The US State Department has introduced new restrictions against a range of Chinese actors in a bid to "defend" the interests of South China Sea nations and their maritime claims, Secretary of State Mike Pompeo has announced.
"The Department of State is imposing visa restrictions on People's Republic of China (PRC) individuals, including executives of state-owned enterprises and officials of the Chinese Communist Party and the People's Liberation Army Navy, responsible for, or complicit in, either the large-scale reclamation, construction, or militarization of disputed outposts in the South China Sea," Pompeo said in a statement published on Thursday.
The restrictions also include adding China's National Offshore Oil Corporation to Washington's trade blacklist, ostensibly for "its role in the PRC's campaign of coercion against other claimants of an estimated $2.5 trillion in South China Sea oil and gas resources," the secretary added.
Accusing China of sending fishing fleets and energy survey vessels accompanied by military escorts to "operate in waters claimed by Southeast Asian nations" and of "harassing" "claimant state oil and gas development in areas where it has failed to put forth a coherent, lawful maritime claim," Pompeo promised that Washington would "stand with" the region's nations to "defend their sovereign rights and interests."
Beijing has yet to respond to the US decision.
Wave of Restrictions
Earlier on Thursday, the US Commerce Department announced new export controls against companies and individuals it says might be supporting Chinese, Russian, Cuban and Venezuelan military-intelligence users. Late on Wednesday, President Trump signed an executive order to strengthen a ban on doing business with firms with alleged ties to the Chinese military.
Before that, Trump signed a separate executive order banning transactions with persons involved with an array of Chinese online payment systems. China expressed its "resolute" opposition to that move, saying it would hurt consumers and blasting the US for its "unreasonable suppression" of Chinese software.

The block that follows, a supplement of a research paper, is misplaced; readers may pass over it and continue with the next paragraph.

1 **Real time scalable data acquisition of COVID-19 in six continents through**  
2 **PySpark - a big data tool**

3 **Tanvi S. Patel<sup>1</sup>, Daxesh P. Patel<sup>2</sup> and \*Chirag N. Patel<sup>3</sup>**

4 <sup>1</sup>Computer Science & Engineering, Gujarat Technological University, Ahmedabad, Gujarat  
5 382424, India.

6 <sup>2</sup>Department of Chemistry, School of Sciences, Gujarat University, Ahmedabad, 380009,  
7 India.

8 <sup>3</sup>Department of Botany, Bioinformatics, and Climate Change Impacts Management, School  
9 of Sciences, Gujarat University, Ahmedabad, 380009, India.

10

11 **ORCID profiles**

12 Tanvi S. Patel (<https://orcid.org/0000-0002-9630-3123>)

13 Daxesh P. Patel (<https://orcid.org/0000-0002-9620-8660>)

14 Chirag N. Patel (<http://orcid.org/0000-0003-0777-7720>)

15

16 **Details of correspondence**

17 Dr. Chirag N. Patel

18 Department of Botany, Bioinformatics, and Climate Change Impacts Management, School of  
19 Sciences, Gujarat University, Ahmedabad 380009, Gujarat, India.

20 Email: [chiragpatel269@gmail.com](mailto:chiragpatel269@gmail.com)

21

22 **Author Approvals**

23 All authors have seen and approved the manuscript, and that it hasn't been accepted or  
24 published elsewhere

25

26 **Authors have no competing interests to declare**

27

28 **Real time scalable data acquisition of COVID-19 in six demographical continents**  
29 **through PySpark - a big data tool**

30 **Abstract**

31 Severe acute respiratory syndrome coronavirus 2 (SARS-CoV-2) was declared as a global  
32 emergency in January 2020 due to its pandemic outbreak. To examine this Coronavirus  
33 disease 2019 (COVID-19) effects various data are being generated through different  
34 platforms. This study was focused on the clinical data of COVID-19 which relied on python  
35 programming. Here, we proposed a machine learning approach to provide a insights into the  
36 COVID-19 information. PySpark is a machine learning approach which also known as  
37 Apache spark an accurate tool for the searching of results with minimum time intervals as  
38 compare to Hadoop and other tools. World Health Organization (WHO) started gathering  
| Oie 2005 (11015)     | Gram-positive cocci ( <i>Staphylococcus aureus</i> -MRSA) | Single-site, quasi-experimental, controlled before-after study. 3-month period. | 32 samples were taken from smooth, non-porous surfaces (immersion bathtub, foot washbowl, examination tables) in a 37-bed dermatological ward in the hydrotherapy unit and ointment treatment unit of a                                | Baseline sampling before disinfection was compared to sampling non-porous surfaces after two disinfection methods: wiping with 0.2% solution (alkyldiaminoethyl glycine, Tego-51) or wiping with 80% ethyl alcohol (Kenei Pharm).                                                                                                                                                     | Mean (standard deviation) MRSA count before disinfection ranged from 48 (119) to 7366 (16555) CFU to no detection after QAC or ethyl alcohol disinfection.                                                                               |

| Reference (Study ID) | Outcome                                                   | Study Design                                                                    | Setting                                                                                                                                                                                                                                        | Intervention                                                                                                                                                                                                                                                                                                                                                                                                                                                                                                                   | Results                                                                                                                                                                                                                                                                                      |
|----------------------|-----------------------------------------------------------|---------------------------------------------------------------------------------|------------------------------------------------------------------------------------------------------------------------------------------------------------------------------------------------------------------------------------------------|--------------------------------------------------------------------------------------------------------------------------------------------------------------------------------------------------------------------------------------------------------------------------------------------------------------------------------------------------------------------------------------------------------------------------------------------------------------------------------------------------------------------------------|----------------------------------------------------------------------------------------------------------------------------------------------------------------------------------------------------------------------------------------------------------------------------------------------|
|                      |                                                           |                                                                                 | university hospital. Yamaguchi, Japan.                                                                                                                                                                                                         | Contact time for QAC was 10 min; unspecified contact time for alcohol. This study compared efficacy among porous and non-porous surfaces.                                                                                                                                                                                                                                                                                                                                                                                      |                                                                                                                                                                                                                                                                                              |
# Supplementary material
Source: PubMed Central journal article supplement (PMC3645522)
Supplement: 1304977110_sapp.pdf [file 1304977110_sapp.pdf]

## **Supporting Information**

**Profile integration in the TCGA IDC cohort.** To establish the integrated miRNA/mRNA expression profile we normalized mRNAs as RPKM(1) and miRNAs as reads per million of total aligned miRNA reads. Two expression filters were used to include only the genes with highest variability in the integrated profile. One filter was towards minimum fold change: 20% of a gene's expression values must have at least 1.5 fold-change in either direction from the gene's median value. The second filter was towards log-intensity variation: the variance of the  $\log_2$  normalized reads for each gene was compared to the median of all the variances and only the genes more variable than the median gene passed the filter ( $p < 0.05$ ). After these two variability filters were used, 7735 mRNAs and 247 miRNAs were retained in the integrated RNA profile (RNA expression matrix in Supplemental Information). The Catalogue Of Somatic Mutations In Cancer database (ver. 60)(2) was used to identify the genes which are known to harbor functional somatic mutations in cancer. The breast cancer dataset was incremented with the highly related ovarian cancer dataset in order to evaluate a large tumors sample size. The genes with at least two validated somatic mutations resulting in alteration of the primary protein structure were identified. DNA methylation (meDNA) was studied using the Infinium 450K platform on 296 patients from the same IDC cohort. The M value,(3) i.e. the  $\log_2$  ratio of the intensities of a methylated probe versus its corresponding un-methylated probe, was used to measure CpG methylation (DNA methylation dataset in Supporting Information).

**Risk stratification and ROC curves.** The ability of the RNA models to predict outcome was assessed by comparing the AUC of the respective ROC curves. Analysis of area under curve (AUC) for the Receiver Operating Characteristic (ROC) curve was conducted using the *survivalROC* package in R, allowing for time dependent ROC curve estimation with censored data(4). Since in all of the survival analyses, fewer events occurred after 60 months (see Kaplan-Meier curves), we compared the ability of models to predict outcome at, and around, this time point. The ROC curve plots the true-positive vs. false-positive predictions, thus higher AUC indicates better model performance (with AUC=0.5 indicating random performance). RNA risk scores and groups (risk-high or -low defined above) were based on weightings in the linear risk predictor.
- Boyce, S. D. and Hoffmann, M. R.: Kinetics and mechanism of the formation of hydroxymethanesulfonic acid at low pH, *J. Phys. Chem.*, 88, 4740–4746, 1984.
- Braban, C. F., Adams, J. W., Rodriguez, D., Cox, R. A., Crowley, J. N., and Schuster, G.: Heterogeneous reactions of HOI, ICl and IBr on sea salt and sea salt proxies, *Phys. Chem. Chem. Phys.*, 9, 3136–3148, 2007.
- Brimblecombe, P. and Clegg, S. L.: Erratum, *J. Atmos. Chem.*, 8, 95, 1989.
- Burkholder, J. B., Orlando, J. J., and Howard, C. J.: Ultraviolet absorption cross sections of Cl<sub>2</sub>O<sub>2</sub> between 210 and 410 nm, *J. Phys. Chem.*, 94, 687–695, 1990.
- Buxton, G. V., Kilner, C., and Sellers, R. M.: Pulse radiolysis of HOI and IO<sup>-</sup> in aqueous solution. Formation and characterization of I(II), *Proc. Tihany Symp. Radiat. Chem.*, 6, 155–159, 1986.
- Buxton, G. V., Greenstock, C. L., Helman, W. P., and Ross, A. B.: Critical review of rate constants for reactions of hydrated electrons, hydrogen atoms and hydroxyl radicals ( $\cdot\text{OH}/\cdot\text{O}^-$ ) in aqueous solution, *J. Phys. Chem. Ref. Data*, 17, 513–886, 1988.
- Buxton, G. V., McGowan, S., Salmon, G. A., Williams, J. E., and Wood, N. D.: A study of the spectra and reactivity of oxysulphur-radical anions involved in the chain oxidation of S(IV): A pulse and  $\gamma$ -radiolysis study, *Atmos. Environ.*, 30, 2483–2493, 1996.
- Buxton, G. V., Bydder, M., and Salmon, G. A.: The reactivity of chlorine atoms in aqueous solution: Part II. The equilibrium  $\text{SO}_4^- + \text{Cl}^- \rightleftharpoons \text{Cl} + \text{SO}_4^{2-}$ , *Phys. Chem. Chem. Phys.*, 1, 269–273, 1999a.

Also this month, another Trump executive order demanded that the New York Stock Exchange delist three Chinese telecommunications giants.
Following the November 2020 election, administration sources told US media that the president was preparing to enact a broad series of harsh policies toward China in his final weeks in office, partly in a bid to limit President-elect Joe Biden's room for manoeuvre vis-a-vis China once he becomes president.
Long-standing China-US tensions under Trump briefly subsided following the January 2020 signing of a "phase one" trade deal between the economic superpowers. As 2020 progressed, however, the China-US economic conflict resumed, and the two nations began to trade accusations about the origins and spread of the coronavirus.
The countries are also engaged in a diplomatic spat over China's policies in Hong Kong and Xinjiang, and a militarised dispute over the South China Sea – a strategic and resource-rich body of water claimed by China and four other nations, plus Taiwan. China claims most of the area for itself, with the US carrying out "freedom of navigation" patrols in the region in defiance of Beijing.